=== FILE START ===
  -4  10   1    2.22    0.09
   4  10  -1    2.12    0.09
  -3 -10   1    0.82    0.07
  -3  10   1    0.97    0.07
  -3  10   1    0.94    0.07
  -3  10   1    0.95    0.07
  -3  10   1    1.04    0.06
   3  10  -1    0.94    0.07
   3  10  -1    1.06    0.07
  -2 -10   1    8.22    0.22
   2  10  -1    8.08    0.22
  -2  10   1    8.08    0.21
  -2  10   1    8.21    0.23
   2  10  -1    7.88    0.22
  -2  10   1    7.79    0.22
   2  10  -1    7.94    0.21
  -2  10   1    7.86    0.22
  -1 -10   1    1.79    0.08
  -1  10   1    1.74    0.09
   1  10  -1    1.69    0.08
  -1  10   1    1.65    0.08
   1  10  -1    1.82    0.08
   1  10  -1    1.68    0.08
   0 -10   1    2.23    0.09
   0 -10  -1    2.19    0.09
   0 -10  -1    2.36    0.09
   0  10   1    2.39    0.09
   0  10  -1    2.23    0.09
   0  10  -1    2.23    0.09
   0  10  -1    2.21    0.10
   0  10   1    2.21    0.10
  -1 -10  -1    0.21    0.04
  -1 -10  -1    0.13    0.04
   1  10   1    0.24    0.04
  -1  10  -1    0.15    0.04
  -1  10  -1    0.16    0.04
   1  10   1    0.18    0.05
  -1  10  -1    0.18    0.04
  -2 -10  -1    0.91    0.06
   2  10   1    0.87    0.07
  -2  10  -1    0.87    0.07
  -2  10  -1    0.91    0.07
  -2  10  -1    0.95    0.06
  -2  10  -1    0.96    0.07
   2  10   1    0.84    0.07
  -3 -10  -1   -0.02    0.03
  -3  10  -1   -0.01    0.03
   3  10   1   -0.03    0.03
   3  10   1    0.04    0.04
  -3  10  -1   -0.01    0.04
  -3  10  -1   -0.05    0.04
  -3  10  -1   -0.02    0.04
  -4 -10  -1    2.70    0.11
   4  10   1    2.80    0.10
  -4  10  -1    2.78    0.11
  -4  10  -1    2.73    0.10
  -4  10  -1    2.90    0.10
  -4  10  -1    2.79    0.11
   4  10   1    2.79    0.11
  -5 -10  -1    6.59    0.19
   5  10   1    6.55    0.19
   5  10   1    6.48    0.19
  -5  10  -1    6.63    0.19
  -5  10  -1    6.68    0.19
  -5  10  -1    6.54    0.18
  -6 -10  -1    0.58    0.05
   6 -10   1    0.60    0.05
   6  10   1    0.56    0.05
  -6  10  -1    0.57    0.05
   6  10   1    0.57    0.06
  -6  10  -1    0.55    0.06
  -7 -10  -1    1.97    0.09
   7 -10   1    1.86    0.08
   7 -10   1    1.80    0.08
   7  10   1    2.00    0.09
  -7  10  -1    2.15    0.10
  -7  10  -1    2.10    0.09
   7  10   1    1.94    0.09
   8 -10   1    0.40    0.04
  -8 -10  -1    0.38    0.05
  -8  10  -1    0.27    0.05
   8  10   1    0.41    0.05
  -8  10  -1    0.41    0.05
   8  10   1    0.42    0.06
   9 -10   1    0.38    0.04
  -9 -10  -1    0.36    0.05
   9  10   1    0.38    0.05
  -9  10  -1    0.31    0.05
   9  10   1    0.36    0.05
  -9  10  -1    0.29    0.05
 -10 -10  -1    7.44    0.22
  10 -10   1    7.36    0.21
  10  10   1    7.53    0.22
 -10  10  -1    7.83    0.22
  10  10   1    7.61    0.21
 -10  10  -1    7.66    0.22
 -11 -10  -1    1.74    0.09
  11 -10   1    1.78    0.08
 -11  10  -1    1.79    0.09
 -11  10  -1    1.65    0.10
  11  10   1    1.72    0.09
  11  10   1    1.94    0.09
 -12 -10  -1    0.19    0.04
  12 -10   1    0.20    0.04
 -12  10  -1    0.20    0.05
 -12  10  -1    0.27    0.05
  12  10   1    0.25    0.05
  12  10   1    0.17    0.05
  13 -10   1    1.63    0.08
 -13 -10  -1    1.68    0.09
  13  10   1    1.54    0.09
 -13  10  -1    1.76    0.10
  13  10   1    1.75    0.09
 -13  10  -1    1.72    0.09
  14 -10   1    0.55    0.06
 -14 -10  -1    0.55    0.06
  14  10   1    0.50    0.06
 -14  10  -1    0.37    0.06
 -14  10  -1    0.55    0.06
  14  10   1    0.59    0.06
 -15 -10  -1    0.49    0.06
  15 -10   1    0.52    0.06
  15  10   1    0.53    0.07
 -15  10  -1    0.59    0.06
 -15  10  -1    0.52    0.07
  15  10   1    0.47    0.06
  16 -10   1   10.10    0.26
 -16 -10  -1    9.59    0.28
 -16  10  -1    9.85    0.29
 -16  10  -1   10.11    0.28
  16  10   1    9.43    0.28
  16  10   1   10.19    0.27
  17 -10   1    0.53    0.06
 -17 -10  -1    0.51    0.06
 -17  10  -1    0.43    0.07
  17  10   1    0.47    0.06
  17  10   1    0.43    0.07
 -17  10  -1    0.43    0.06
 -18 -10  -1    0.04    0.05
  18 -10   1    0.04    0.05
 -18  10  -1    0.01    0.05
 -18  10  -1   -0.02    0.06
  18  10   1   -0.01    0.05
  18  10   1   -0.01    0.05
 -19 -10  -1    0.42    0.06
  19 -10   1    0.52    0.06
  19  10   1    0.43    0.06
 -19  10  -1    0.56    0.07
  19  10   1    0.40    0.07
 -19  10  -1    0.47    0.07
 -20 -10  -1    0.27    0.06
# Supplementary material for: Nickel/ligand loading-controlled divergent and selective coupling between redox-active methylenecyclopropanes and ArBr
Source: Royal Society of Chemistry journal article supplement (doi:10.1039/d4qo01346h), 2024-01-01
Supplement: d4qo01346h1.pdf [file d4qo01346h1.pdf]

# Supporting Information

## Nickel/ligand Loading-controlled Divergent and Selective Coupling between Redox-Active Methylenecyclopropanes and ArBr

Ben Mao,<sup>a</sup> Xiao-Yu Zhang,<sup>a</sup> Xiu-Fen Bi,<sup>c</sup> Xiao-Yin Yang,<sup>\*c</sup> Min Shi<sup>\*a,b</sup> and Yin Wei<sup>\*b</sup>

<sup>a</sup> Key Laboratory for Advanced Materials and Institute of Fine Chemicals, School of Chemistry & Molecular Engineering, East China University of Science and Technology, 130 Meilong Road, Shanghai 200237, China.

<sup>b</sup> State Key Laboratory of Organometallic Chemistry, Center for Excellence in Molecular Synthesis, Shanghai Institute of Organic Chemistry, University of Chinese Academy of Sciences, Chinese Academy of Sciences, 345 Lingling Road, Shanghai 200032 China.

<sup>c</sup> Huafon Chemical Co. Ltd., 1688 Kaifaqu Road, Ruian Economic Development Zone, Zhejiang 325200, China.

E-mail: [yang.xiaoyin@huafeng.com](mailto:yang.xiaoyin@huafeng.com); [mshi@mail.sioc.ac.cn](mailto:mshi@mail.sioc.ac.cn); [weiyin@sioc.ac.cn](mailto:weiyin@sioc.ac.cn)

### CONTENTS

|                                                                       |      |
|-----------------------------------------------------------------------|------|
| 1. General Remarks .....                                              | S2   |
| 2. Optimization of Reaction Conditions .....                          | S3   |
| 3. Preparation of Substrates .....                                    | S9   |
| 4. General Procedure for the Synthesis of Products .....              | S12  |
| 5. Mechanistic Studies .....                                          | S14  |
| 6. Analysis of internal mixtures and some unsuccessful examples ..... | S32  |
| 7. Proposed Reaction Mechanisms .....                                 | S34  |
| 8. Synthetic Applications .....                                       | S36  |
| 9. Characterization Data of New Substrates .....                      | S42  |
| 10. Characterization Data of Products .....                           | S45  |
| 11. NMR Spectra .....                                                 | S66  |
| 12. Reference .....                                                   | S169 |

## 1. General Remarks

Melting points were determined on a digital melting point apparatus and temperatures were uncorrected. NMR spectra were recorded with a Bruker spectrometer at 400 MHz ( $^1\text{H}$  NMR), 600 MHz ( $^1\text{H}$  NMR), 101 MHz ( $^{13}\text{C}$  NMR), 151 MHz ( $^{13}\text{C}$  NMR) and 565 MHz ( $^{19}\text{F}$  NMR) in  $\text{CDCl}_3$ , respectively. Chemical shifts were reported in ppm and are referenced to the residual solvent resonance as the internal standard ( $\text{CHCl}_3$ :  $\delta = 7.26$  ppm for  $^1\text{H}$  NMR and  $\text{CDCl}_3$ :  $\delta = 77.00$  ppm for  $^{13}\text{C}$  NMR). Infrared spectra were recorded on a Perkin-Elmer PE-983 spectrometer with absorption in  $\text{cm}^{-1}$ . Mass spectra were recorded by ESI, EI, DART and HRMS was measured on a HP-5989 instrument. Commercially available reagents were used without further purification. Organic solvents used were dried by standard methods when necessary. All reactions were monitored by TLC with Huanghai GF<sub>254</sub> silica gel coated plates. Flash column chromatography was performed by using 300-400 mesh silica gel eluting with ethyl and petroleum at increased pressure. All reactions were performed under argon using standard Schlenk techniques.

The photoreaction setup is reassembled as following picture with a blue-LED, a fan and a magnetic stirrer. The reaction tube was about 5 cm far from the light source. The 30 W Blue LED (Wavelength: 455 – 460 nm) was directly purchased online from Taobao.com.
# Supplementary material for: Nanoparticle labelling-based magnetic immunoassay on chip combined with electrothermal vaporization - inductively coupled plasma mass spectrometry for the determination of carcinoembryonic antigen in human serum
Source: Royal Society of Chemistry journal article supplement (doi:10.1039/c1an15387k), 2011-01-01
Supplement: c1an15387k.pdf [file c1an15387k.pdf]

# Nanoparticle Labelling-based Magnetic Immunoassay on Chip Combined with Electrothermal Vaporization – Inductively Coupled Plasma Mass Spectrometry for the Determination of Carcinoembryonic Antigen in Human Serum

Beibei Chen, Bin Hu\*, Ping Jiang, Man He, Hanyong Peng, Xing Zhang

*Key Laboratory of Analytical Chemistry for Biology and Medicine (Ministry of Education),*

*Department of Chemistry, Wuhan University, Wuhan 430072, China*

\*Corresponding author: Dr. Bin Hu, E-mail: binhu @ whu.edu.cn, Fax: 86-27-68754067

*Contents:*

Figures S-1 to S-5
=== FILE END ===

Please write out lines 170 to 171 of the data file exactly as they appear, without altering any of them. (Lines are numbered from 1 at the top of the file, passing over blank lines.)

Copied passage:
| 6. Analysis of internal mixtures and some unsuccessful examples ..... | S32  |
| 7. Proposed Reaction Mechanisms .....                                 | S34  |